- Preparation: Before you start, ensure that you have clean, sharp tools to make precise cuts and minimise damage to the plant.
- Initial Cuts: Begin by removing any dead, diseased, or damaged wood. Cut these branches back to the base of the plant.
- Main Structure: Identify the main stems or trunks that form the framework of the plant. Decide which ones to keep based on their position and health.
- Reduction: Reduce the length of the main branches, leaving a few buds on each stem. These buds will be the source of new growth.
- Side Shoots: Cut back side shoots to 2 to 3 buds from the base. These will grow and can be trained in the desired direction.
- Thinning: If there are too many stems, thin them out to prevent overcrowding, which can diminish airflow and light penetration, potentially leading to disease.
- Support: Check and reinforce any supports, as the new growth will be vigorous and can become heavy.
- Follow-up Care: After hard pruning, monitor the wisteria during the growing season. Regularly prune new growth to maintain the desired shape and size.
- Patience: Understand that hard pruning may lead to a few seasons without flowers, as wisteria blooms on old wood. However, this sacrifice can lead to a healthier and more manageable plant in the long term.
How do I “Train” Wisteria through Pruning?
Training wisteria through pruning involves several steps to ensure that the plant grows in the desired shape and direction. Here’s a step-by-step guide to help you train your wisteria effectively:
1 – Choose the Right Support
- Select a sturdy post made of metal or rot-resistant wood like cedar.
- Ensure the post is of adequate size, preferably 4×4 inches for strength.
- Secure the post firmly into the ground using concrete for stability.
2 – Initial Training
- In the first year, choose 2 to 3 healthy shoots to train up the post.
- Use galvanized wire and eye hooks to create a support system. Space the hooks 16 to 18 inches apart and distribute them evenly around the post.
- Twine the selected shoots around the post and each other, securing them with the wire and hooks.
3 – Secure the Vines
- As the shoots grow, use gardening twine to tie them to the wire framework.
- Allow some slack in the twine for the vines to droop gracefully, but not too much as they will grow heavier with time.
4 – Prune for Shape and Flowering
- Periodically prune the wisteria to encourage it to cover the support structure and to promote flower growth.
- In the spring, trim the tips of the shoots to stimulate branching, which will result in more flowers.
5 – Maintenance Pruning
- Continue to guide and secure new growth, pruning as necessary to maintain the shape and encourage flowering.
- Remove any dead or unwanted growth to keep the vine healthy and well-shaped.
6 – Remove Training Ties
- Once the wisteria vines have established themselves and are stable, you can remove the training ties.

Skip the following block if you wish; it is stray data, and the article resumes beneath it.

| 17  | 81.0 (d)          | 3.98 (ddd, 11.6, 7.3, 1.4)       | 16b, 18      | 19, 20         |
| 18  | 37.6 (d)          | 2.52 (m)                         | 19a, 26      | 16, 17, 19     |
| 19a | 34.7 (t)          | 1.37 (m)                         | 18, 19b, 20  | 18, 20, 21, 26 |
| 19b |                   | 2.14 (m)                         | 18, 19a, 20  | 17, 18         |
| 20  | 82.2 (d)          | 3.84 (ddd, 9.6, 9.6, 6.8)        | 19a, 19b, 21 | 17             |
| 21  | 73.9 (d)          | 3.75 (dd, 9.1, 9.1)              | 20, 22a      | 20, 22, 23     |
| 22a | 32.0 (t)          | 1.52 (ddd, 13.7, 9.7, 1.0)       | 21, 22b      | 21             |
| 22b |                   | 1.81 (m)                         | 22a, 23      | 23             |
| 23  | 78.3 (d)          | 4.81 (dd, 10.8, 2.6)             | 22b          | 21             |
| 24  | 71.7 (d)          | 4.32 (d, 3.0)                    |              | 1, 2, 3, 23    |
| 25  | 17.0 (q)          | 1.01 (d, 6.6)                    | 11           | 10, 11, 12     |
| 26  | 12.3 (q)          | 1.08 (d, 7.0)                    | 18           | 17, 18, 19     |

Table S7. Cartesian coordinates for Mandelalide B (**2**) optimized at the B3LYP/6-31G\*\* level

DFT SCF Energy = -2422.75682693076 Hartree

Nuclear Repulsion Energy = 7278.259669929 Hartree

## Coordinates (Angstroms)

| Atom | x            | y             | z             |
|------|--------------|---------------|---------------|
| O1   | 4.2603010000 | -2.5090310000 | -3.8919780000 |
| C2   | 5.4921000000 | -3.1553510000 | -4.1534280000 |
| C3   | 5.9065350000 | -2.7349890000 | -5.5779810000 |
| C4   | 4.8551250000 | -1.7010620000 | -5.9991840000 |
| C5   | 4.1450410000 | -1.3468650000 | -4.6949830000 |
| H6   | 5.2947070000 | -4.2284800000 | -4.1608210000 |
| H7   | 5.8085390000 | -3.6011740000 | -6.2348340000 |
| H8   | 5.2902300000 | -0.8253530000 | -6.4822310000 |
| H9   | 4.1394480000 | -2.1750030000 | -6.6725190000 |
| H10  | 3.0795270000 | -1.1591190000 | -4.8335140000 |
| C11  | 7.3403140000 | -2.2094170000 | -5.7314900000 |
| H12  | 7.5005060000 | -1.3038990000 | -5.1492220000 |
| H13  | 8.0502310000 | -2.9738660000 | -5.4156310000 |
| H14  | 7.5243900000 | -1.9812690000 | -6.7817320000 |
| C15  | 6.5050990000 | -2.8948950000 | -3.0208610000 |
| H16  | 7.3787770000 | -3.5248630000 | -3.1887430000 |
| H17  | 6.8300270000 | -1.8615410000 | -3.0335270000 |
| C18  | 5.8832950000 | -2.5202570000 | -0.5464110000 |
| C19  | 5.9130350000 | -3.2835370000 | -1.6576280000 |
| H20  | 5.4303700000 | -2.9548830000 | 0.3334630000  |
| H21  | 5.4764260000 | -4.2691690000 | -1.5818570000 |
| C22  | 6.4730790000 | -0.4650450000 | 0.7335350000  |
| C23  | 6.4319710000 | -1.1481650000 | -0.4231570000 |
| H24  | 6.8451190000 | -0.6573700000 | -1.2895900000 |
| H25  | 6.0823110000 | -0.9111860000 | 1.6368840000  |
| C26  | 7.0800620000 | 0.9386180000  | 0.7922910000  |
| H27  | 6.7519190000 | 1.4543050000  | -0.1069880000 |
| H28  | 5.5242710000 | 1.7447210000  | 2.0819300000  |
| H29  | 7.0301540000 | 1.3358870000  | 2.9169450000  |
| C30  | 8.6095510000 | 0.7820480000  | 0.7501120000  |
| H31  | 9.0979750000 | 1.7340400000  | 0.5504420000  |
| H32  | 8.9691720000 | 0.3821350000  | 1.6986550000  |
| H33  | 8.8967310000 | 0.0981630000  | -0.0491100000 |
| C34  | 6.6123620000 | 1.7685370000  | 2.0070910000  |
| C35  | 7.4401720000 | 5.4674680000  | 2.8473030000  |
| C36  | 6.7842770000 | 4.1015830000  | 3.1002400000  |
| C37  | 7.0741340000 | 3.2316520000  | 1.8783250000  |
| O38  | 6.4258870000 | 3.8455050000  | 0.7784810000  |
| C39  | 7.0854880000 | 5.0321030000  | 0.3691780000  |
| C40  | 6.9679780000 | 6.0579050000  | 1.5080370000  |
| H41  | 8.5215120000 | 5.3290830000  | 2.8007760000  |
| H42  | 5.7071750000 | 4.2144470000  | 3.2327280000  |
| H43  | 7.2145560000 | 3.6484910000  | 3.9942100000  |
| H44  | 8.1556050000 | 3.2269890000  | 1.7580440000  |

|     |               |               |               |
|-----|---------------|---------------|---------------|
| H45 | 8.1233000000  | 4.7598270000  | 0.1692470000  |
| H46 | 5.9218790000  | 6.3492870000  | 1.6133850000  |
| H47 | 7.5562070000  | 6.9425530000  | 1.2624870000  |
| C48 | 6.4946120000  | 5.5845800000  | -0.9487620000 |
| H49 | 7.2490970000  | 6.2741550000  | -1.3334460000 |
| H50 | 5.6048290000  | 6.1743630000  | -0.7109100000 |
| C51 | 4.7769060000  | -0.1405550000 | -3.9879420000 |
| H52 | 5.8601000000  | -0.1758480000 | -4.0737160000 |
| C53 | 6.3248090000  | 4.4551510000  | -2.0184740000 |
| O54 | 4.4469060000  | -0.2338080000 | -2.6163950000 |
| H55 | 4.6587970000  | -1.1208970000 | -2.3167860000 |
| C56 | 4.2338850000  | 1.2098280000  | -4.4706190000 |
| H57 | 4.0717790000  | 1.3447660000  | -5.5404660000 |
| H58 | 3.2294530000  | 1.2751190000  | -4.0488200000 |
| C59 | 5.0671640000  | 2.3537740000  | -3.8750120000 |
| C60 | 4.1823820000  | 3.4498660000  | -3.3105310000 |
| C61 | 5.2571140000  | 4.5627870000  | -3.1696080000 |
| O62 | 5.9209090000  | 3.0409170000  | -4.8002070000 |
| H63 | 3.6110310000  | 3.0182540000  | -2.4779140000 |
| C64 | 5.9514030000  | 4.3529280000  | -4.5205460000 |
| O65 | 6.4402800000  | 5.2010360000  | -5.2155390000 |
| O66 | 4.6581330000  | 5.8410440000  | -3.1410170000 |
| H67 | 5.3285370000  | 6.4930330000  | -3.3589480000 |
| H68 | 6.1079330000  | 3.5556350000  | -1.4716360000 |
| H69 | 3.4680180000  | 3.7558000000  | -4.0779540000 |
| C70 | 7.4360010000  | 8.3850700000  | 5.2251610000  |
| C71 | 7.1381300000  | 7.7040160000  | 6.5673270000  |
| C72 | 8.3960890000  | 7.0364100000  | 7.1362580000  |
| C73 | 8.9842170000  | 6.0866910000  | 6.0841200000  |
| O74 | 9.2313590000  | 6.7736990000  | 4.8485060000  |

- Monitor the plant to ensure it continues to grow as desired, making adjustments to the support structure if necessary.
Regular pruning can bring out the beauty of your wisteria vine. While it may take more time, you will be rewarded with an abundance of flowers and lush but well-shaped growth.
Did You Know?
“Thomas Nuttall was the botanist that gave Wisteria its name and he said that he named it after American physician Caspar Wistar!”
“Some Wisteria varieties can take up to 20 years to mature and subsequently flower!”
“It is said that some varieties of Wisteria flower are edible and can be used to make wine. Be careful though as many Wisteria flowers are in fact toxic!”
“Wisteria is the ultimate climber and is known to be so strong that it can suffocate trees or bring down weak structures!”
Frequently Asked Questions
Can you grow wisteria in pots?
Yes, Wisteria can be grown in pots although it will not become extremely large and overbearing. Growing Wisteria in pots is a great way to keep it under control and prevent it from becoming too large and strong.
Is Wisteria bad for houses?
Although very beautiful, without the right support, Wisteria could easily cause damage to your home. They are extremely hardy and powerful plants that require a supporting structure for them to grow. If a Wisteria is not given this additional support, it will climb up your house and into each small crack and crevice, damaging windows and guttering.
Is Wisteria easy to grow?
Wisteria is remarkably easy to grow although if you wish for them to flower, you will want to grow them in full sun.
Wisteria does best in fertile, well-drained soil but honestly, it will do well in almost all soil types as long as it is not too high in Nitrogen.
Trevor Wright is not just a seasoned horticulturist; he’s the esteemed Garden Doctor. With a BSc in Horticulture and years of hands-on experience in the soil, Trevor has become a trusted mentor for all things gardening. As the founder of Garden Doctor, he’s committed to clarifying the intricacies of gardening, offering straightforward advice that’s rooted in years of practice. His writing is a garden of how-tos, savvy insights, and comprehensive guides that enable individuals to nurture and grow their garden dreams. When he’s not knee-deep in garden beds, Trevor is at his keyboard passing on his green-thumbed wisdom to budding gardeners, ensuring that the legacy of sustainable and joyful gardening blossoms far and wide.